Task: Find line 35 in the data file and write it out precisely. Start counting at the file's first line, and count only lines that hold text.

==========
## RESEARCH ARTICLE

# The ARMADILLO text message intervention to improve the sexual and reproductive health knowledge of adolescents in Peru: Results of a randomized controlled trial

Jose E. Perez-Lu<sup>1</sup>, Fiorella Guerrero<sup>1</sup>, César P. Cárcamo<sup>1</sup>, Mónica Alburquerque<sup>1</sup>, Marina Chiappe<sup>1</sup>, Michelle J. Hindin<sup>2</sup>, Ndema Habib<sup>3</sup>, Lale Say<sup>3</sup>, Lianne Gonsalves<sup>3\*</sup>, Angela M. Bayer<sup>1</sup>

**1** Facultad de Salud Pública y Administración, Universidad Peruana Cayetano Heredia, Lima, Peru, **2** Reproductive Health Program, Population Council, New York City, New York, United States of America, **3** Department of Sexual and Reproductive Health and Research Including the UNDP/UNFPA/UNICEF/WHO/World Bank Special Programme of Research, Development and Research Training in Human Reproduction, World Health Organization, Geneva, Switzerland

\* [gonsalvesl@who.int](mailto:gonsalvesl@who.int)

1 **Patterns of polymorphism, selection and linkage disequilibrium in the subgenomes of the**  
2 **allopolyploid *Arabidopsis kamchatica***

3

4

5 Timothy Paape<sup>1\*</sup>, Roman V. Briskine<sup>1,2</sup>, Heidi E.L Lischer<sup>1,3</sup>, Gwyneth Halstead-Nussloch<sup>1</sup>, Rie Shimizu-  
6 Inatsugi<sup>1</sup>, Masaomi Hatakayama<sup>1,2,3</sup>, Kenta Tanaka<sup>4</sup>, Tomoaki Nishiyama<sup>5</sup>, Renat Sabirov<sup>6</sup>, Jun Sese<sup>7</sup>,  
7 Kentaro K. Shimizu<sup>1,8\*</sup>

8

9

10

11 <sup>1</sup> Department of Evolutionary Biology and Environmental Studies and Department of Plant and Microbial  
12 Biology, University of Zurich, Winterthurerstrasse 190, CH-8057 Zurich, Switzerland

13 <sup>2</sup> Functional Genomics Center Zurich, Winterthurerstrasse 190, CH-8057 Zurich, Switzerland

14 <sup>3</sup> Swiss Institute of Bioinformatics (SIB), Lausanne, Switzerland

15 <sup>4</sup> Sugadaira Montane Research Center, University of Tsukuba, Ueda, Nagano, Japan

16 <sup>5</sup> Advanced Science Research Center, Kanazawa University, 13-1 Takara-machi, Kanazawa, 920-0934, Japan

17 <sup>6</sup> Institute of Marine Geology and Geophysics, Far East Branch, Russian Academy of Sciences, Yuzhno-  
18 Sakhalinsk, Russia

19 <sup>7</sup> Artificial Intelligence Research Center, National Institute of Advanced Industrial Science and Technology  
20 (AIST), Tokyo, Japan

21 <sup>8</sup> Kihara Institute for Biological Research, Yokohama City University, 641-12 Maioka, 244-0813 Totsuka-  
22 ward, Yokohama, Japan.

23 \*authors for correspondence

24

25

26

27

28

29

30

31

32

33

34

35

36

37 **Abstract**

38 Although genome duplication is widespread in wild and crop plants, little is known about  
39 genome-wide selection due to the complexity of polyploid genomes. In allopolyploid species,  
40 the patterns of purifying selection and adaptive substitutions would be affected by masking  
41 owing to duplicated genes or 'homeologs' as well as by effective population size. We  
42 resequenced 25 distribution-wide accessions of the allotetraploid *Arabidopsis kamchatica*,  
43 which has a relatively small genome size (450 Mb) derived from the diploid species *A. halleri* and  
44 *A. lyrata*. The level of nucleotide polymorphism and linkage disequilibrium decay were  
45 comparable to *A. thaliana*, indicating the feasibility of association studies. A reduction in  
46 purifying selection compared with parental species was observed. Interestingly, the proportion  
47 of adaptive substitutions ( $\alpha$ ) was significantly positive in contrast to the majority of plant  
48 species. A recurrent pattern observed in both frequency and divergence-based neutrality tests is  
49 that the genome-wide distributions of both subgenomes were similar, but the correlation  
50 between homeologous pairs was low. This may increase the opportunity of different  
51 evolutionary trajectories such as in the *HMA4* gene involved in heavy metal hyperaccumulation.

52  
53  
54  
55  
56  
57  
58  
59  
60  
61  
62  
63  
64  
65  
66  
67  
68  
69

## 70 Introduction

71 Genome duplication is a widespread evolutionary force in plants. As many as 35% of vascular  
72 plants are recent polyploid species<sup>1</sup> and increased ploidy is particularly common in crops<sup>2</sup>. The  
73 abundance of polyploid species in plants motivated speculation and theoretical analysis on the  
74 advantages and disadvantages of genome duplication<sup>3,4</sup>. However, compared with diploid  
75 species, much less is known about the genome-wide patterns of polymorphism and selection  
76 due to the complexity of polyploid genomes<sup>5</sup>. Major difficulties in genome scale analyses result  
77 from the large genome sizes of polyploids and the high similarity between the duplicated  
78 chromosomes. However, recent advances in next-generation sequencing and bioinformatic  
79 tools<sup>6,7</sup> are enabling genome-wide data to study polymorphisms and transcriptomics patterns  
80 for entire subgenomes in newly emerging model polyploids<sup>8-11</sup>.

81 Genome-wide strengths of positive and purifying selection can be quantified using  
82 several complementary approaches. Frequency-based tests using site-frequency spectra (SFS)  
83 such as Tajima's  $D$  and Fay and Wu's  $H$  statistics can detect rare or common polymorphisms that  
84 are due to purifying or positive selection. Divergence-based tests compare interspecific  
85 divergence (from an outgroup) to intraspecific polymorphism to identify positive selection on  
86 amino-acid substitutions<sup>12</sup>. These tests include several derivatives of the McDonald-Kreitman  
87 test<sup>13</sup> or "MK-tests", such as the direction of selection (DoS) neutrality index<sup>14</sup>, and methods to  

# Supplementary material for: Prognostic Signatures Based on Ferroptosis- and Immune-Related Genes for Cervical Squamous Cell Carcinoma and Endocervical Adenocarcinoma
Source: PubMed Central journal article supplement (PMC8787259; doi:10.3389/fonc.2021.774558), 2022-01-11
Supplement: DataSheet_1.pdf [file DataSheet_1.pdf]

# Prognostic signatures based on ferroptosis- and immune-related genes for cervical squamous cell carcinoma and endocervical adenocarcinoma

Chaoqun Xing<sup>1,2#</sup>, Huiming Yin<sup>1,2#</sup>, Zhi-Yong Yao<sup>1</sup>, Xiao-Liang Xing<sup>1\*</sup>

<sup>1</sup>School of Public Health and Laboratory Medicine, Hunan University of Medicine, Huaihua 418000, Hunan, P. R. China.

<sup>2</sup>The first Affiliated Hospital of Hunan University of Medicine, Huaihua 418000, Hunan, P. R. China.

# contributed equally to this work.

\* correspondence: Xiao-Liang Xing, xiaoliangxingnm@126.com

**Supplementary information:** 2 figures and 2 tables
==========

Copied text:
30